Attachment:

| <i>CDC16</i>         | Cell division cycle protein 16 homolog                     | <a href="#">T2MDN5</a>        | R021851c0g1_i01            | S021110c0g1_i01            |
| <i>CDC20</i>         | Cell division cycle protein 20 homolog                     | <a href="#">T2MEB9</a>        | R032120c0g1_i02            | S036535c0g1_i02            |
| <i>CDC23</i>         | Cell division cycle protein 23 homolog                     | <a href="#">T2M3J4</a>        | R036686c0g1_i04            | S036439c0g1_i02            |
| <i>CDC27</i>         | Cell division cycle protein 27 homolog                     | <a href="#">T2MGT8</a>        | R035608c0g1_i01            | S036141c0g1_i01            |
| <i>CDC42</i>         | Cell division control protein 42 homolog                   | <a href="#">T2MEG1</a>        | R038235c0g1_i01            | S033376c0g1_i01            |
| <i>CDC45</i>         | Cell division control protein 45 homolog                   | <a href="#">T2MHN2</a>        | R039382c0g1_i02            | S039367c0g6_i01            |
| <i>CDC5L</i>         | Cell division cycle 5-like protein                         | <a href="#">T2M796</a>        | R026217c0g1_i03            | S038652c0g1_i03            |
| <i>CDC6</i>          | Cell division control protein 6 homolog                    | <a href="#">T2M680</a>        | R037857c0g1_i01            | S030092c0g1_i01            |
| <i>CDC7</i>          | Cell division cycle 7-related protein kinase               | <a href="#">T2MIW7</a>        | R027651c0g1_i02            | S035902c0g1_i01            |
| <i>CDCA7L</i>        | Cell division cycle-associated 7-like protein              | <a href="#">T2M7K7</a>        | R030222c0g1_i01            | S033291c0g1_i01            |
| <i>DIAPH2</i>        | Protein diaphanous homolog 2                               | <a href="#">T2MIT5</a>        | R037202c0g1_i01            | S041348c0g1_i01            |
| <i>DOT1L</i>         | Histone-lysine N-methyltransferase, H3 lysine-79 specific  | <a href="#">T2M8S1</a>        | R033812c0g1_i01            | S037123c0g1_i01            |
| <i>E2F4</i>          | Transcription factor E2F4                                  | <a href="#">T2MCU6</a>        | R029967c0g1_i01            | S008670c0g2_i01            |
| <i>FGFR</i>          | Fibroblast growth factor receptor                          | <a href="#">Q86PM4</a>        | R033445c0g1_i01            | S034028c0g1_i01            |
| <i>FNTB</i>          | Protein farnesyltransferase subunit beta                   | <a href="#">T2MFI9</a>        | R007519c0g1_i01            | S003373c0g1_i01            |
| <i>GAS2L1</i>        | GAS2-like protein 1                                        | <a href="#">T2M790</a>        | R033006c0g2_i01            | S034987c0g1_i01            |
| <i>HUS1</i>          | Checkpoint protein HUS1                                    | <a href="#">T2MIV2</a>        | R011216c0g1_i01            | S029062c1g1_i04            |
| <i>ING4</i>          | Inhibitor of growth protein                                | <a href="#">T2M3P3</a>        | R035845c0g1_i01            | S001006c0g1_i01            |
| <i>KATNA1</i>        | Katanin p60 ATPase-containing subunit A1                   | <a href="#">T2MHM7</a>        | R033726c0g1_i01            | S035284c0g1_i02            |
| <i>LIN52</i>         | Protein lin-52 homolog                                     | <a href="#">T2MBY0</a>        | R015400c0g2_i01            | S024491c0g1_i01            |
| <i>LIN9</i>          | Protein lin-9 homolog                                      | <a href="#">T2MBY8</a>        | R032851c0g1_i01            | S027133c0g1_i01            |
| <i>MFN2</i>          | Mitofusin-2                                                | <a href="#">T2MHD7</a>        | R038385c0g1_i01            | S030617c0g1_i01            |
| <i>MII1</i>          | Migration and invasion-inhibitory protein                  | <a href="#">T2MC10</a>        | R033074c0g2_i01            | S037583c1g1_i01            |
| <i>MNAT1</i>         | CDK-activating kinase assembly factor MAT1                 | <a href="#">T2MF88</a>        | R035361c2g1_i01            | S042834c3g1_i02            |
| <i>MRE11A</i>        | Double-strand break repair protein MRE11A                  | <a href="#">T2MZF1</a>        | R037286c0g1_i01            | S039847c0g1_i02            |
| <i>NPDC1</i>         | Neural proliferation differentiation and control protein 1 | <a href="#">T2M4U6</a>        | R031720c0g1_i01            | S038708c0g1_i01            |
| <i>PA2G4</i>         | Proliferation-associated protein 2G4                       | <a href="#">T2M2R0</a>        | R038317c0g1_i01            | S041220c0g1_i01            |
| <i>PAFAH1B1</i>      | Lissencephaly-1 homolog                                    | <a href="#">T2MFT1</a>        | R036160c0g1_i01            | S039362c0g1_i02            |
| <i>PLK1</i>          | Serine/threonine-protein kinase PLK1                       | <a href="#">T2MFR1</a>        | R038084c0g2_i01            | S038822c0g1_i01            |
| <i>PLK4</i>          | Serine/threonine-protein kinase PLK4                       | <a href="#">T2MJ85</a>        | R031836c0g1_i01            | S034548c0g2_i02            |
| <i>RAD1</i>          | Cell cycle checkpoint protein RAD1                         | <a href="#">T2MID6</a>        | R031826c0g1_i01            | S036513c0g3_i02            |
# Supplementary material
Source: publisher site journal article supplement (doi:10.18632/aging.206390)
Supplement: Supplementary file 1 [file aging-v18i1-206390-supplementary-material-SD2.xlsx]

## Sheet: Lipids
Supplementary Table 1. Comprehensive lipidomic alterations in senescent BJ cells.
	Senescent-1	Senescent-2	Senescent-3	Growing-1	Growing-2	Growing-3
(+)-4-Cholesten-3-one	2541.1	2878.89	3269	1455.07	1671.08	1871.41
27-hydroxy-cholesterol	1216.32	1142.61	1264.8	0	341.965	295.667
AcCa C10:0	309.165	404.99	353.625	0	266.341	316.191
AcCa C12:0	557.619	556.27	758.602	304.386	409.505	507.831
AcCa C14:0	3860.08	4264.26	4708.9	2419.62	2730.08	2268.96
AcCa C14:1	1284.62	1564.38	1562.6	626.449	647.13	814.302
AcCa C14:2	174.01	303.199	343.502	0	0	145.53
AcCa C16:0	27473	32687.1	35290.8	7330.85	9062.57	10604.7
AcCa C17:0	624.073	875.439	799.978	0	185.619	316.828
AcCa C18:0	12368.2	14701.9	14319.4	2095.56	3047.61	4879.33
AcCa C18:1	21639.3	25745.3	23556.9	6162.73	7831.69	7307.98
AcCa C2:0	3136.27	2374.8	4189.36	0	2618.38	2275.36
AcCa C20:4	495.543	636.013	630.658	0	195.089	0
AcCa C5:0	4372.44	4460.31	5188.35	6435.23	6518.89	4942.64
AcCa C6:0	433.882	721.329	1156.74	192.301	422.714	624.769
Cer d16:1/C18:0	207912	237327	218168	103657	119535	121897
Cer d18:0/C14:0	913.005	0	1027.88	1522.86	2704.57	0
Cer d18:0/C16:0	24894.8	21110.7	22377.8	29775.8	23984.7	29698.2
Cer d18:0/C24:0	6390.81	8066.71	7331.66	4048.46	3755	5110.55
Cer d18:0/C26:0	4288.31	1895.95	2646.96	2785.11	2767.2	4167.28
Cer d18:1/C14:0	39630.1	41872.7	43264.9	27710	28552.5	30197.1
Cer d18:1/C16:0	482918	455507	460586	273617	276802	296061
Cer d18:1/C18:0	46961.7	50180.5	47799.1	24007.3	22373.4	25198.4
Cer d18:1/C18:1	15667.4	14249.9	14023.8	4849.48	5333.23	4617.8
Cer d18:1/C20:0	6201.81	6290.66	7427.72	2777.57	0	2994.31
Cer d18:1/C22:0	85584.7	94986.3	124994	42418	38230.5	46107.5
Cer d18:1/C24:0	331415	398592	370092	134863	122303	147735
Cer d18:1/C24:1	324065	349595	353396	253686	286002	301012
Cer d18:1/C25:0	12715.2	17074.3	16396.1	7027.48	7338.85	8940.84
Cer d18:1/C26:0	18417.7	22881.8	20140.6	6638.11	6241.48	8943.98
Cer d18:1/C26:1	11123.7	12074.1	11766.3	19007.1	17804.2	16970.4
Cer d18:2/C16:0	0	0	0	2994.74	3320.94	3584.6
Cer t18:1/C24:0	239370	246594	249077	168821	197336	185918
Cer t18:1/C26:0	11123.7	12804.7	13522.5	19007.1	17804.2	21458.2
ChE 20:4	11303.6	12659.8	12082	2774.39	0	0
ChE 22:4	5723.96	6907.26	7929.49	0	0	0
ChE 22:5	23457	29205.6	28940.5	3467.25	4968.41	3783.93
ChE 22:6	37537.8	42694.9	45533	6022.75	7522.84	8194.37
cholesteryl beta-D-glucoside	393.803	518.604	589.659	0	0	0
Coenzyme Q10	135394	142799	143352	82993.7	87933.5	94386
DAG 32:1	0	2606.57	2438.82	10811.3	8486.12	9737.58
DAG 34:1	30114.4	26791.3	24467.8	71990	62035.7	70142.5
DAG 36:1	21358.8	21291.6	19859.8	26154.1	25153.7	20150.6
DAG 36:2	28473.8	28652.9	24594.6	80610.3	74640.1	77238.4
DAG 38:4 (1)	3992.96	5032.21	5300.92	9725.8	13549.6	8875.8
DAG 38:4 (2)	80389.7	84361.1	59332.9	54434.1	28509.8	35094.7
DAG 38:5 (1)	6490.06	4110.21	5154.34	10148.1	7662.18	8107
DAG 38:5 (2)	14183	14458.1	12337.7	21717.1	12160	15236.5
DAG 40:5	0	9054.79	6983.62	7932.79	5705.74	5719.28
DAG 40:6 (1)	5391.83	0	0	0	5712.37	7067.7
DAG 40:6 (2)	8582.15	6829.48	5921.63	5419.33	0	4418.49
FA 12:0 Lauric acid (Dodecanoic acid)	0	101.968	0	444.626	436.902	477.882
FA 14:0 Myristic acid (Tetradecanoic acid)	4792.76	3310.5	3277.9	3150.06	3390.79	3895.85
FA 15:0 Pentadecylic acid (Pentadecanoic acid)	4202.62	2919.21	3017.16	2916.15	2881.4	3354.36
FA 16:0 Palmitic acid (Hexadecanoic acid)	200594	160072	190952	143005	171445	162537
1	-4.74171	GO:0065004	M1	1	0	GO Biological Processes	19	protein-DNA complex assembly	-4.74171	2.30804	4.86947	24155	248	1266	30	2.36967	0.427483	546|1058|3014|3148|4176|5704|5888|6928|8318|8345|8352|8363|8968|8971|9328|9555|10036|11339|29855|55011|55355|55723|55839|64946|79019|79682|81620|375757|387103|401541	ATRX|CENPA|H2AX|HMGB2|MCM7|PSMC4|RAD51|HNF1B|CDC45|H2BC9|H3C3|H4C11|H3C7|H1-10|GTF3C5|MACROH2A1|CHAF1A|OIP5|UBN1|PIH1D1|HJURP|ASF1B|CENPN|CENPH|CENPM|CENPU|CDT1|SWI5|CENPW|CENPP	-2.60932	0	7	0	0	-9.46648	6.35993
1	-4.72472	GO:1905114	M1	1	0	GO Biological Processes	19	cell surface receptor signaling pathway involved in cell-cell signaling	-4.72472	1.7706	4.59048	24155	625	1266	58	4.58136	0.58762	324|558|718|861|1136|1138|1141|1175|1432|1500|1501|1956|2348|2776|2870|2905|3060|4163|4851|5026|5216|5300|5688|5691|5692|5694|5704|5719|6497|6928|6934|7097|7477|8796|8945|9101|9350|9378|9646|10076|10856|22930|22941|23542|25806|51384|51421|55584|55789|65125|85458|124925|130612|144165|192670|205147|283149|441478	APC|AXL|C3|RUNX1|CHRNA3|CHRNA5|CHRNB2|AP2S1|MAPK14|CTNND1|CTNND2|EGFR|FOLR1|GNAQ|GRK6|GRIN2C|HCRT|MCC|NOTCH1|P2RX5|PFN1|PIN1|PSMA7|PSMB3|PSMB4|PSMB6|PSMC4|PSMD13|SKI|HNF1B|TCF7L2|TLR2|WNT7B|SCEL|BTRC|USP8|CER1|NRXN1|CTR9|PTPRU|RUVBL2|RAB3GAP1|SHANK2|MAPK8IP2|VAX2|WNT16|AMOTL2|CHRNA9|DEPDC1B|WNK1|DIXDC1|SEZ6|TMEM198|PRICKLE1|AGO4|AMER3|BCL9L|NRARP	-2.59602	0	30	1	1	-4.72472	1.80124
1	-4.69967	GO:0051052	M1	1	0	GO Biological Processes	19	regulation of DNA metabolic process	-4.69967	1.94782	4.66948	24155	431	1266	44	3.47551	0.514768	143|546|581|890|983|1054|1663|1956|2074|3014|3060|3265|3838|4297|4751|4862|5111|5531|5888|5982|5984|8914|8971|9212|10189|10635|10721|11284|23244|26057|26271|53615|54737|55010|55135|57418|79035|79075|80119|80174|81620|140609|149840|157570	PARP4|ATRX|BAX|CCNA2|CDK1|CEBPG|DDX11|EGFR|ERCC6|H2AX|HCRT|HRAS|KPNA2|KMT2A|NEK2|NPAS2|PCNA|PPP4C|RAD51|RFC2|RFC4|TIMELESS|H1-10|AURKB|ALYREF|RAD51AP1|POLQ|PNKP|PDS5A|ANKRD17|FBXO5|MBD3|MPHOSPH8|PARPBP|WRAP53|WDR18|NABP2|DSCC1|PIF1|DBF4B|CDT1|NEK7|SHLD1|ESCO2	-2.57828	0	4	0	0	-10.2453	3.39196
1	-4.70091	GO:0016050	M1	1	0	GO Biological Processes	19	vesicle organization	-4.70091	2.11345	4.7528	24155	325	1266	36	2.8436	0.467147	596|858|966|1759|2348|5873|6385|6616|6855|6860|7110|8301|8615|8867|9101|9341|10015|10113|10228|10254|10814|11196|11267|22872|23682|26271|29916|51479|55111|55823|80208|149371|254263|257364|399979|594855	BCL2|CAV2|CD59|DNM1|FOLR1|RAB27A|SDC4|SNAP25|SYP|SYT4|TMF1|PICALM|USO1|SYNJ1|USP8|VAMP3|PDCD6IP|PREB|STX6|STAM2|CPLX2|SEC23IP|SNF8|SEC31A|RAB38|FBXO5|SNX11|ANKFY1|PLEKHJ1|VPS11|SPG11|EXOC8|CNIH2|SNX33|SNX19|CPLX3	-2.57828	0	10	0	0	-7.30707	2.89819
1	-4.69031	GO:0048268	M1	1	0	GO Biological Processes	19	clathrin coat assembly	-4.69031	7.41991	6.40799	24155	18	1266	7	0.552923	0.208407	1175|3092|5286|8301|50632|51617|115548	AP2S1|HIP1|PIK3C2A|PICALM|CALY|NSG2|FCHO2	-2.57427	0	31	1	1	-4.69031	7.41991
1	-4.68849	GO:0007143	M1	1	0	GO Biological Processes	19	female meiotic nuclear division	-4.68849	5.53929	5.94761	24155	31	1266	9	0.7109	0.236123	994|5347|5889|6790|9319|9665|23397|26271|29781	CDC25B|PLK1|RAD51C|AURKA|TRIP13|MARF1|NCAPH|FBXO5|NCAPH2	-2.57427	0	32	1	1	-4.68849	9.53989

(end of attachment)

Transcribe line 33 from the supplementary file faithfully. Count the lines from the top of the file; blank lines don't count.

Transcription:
Source: publisher site journal article supplement (doi:10.18632/aging.206390)